Cardamom bread

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Cardamom bread
Cardamom bread.jpg
Finnish "pulla" cardamom bread
Type Sweet bread
Place of origin Finland, Sweden
Main ingredients Cardamom, walnuts, vanilla icing
Cookbook: Cardamom bread  Media: Cardamom bread

Cardamom bread or pulla (Finnish) is a type of bread flavored with cardamom. Usually baked as a loaf or in a Bundt cake pan, this sweet, aromatic cake is sometimes topped with different things, and usually requires about three hours of preparation [1]. When the dough has risen, it can be braided to make it more decorative and festive. Some variations are topping it with chopped walnuts and vanilla icing, raisins added to the dough, cinnamon rolls, butter and sugar buns called voisilmäpulla, berry toppings and curd filled buns called rahkapulla.

Cardamom-flavored bread and buns (Finnish: pulla or nisu; Swedish: kardemummabröd, kardemummabullar) are commonly eaten in Finland and Sweden. Cardamom bread is considered a traditional food among Swedish Americans.[2][3][4] Cardamom buns are eaten along with coffee or tea.[5]

Cardamom[6] is a spice used in several Nordic countries in cakes, cookies, and biscuits, including traditional Christmas pastries in the cuisine of Finland.[7]

Pulla[edit]

Pulla
Pullia.jpg
Several pulla loaves (dark roast (tummapaahto) in the top-right corner)
Alternative names Nisu, Biscuitia
Type Sweet roll
Place of origin Finland
Main ingredients cardamom seeds; raisins or sliced almonds
Cookbook: Pulla  Media: Pulla

Pulla (Finnish pronunciation: [ˈpulːɑ]; Swedish bulle or kanelbulle) is a mildly-sweet Finnish sweet roll or dessert bread flavored with crushed cardamom seeds and occasionally raisins or sliced almonds. Braid loaves (pitko) are formed from three or more braided strands of dough. The braids may also be formed into a ring. These braided strands or rings are typically coated with egg wash and then sprinkled with white sugar or almonds.[8] Other types of pulla include small round ones that resemble English scones but have a sugar and butter topping, and larger cinnamon rolls called korvapuusti. The outside typically has a shiny brown glaze, formed by a coating of egg white, milk or a mixture of sugar and brewed coffee.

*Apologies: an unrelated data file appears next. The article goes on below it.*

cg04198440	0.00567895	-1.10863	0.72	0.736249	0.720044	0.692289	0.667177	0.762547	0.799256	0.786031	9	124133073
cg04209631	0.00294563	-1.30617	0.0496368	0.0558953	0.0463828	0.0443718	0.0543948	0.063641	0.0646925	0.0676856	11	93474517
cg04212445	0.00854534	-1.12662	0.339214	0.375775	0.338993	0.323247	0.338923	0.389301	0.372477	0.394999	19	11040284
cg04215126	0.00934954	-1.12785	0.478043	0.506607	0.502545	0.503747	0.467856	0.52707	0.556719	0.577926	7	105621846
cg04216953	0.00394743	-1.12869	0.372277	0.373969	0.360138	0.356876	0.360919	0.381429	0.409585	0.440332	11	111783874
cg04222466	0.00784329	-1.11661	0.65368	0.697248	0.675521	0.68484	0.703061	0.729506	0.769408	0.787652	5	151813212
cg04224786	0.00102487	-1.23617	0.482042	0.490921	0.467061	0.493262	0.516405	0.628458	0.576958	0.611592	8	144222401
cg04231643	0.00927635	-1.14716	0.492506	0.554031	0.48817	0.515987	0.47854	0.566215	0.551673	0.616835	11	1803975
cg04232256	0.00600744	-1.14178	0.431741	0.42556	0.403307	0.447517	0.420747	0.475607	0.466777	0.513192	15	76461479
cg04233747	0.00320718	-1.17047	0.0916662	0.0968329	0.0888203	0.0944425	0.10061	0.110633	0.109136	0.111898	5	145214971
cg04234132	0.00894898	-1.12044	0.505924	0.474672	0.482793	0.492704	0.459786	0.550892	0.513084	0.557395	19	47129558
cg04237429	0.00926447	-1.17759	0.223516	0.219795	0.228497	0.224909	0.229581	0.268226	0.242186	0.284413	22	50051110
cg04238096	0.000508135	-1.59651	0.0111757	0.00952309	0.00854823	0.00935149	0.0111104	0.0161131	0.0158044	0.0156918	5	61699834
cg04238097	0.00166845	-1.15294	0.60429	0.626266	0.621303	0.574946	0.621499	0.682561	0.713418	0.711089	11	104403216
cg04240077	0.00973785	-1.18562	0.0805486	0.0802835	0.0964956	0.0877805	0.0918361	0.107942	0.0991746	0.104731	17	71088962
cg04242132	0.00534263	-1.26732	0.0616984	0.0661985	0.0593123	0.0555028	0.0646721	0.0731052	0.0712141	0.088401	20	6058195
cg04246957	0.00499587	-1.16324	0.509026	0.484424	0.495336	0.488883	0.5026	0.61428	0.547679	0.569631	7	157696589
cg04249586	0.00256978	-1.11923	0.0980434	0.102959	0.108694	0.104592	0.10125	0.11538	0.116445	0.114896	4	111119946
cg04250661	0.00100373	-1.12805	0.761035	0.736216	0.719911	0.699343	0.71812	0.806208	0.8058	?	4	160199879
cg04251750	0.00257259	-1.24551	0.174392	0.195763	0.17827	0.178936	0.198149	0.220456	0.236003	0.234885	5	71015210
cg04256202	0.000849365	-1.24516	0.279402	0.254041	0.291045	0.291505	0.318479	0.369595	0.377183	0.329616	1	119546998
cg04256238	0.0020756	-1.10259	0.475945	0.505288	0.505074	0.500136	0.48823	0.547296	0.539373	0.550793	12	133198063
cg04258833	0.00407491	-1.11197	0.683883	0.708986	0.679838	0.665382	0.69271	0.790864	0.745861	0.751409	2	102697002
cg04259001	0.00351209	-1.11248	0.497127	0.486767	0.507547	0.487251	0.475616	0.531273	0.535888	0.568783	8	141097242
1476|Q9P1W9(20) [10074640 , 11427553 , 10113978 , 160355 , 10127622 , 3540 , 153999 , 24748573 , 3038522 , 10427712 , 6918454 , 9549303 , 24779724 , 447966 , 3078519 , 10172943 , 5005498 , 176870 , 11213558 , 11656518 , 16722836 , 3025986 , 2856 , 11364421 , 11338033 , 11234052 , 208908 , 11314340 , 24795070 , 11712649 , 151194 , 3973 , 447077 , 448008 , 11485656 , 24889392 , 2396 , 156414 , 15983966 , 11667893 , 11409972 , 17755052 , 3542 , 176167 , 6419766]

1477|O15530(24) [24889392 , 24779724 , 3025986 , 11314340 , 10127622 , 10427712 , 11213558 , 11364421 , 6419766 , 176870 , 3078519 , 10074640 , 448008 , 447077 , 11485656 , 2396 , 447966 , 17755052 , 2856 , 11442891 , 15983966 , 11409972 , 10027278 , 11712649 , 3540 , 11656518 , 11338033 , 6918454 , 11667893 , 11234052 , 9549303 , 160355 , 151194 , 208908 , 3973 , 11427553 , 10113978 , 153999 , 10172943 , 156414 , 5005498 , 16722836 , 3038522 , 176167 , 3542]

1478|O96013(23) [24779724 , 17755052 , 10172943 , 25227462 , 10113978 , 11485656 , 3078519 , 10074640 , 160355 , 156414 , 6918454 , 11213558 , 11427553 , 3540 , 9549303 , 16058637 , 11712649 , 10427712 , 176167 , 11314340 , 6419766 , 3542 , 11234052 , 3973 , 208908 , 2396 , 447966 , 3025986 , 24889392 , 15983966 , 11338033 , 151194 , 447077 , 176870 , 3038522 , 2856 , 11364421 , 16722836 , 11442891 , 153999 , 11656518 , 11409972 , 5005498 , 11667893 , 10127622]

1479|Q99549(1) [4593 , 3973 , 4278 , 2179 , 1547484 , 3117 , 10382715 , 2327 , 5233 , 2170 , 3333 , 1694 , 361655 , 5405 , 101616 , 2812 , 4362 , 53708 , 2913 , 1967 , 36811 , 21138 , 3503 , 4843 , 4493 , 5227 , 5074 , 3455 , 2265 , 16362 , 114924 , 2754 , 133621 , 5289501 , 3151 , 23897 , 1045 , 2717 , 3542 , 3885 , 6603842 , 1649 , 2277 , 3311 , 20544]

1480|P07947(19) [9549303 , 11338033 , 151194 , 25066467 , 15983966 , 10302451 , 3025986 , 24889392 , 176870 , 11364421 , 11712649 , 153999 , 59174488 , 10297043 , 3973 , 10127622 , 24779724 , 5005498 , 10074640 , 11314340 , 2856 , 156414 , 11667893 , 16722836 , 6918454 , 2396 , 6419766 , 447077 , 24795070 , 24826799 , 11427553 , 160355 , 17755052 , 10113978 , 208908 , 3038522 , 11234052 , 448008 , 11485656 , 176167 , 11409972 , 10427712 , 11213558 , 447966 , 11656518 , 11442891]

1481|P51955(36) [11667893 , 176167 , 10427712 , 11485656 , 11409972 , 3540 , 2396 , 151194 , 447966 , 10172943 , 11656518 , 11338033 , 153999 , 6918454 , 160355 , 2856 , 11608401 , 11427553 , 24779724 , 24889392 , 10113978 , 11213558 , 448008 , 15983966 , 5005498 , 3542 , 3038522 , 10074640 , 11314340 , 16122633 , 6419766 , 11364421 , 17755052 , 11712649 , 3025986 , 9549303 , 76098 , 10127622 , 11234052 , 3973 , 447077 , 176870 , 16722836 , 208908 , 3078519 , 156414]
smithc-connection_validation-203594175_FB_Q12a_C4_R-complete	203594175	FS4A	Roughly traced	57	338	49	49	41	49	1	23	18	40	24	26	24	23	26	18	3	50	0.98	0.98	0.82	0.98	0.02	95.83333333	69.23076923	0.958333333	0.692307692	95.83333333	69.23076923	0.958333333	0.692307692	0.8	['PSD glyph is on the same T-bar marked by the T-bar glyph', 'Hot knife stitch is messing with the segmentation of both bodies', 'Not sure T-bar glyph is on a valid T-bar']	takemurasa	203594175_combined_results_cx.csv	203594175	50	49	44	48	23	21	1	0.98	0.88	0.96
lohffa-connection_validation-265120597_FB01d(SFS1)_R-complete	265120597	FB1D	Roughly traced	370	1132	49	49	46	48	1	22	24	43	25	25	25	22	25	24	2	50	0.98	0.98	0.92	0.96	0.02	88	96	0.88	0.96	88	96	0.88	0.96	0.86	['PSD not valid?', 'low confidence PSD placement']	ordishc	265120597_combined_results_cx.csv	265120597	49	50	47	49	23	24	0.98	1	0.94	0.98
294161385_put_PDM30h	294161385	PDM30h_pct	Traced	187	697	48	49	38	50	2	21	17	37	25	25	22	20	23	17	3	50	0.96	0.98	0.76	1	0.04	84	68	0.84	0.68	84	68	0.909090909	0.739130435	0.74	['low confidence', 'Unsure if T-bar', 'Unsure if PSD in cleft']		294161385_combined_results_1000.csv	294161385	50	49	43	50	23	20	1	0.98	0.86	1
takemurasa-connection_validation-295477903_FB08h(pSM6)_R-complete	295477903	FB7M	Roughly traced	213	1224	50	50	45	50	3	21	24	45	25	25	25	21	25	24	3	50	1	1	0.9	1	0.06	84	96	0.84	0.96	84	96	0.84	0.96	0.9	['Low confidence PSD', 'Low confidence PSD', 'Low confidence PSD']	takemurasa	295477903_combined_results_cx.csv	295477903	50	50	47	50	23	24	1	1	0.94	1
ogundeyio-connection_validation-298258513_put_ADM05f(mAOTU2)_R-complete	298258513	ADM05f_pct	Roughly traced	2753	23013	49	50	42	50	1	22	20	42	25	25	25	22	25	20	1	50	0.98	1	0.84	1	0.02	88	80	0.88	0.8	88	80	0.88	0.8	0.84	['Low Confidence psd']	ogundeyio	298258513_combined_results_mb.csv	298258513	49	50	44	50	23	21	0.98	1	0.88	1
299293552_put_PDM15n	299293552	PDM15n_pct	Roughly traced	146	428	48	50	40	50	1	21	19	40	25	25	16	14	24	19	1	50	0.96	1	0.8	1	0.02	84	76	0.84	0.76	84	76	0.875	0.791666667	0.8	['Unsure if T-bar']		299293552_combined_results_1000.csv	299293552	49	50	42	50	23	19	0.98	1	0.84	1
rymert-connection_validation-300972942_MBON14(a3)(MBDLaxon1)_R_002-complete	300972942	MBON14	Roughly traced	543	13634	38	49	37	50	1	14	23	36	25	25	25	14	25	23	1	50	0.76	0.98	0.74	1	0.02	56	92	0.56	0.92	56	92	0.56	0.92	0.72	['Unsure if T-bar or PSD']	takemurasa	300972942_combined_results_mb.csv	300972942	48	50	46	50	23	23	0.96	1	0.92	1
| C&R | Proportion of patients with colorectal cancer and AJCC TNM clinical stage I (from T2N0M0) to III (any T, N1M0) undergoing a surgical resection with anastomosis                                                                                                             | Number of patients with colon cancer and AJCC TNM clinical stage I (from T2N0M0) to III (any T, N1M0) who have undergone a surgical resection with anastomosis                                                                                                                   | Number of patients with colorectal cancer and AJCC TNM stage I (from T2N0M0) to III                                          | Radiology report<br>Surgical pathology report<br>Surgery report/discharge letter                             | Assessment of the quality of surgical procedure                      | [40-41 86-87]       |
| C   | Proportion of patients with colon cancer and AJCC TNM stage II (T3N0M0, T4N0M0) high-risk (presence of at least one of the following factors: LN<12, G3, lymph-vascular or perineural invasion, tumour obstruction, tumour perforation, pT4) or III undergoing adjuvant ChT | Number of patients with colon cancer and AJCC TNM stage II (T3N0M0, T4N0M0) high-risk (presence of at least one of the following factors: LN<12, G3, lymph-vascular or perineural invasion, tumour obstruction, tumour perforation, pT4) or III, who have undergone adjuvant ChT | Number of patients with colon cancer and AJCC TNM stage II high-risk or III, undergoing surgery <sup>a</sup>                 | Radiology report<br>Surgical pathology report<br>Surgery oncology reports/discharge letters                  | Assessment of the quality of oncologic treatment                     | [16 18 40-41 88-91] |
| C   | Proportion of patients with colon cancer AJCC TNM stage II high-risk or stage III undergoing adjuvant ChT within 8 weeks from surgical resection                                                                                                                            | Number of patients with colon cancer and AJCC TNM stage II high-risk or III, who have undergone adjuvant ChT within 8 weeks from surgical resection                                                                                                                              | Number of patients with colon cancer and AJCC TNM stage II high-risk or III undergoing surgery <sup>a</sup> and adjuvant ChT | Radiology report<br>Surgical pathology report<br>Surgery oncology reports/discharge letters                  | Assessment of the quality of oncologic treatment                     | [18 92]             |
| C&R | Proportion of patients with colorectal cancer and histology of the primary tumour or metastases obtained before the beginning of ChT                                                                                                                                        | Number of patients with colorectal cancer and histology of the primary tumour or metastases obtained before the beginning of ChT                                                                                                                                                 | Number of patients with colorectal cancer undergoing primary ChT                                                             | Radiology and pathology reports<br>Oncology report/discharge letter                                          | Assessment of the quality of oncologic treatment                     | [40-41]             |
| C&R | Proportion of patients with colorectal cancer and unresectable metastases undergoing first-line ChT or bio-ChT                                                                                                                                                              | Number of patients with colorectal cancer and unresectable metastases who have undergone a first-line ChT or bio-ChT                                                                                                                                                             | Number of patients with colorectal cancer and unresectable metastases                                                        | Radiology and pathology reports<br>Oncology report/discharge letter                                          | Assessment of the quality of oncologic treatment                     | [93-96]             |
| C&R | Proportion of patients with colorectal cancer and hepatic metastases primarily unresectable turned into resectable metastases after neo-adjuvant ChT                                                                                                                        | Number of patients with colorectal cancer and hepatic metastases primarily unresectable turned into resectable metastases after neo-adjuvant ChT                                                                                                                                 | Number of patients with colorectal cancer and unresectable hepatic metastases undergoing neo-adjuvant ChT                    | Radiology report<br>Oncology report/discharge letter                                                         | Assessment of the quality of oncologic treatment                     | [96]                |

In some regions of Finland there are two different variations of pulla: dark roast (tummapaahto) and pale (kalpii). "Tummapaahto" is baked in the oven until the sugar is darkened and melted. "Kalpii" is baked in the oven only for a short period of time, leaving the dough only lightly darkened.[citation needed]

Pitko is typically served in thin slices with coffee or at special occasions. Regular small pulla is served as a whole. Serving pulla with coffee is a very common practice in Finland.

Pulla is also common in the Upper Peninsula of Michigan and Northern Ontario, areas in the United States and Canada which have large Finnish populations. There it is also commonly known as nisu, an old Finnish word still in use with the same meaning in some dialects, despite originally simply meaning "wheat". "Korppu" is used instead to refer to a biscotti-like double-baked bread stick for dunking in coffee that is often made from leftover "nisu".[9]

See also[edit]

References[edit]

  1. ^ "Pullataikina". Valio.fi. Retrieved 28 December 2017. 
  2. ^ Lewis, Anne Gillespie (28 December 2017). "Swedes in Minnesota". Minnesota Historical Society Press. Retrieved 28 December 2017 – via Google Books. 
  3. ^ Kaplan, Anne R.; Hoover, Marjorie A. (28 December 1986). "The Minnesota Ethnic Food Book". Minnesota Historical Society Press. Retrieved 28 December 2017 – via Google Books. 
  4. ^ Semion, Bill (1 June 2007). "Michigan: Hundreds of Ideas for Day Trips with the Kids". Globe Pequot Press. Retrieved 28 December 2017 – via Google Books. 
  5. ^ Mat, Allt om. "– Recipes". Alltommat.se. Retrieved 28 December 2017. 
  6. ^ Julens alla dofter Archived December 16, 2008, at the Wayback Machine.
  7. ^ Julens Kryddor Archived July 6, 2011, at the Wayback Machine.
  8. ^ "Finnish Pulla Recipe". Allrecipes.com. Retrieved 27 October 2011. 
  9. ^ Ojakangas, B. (1988). The Great Scandinavian Baking Book. Boston: Little, Brown, and Co.

External links[edit]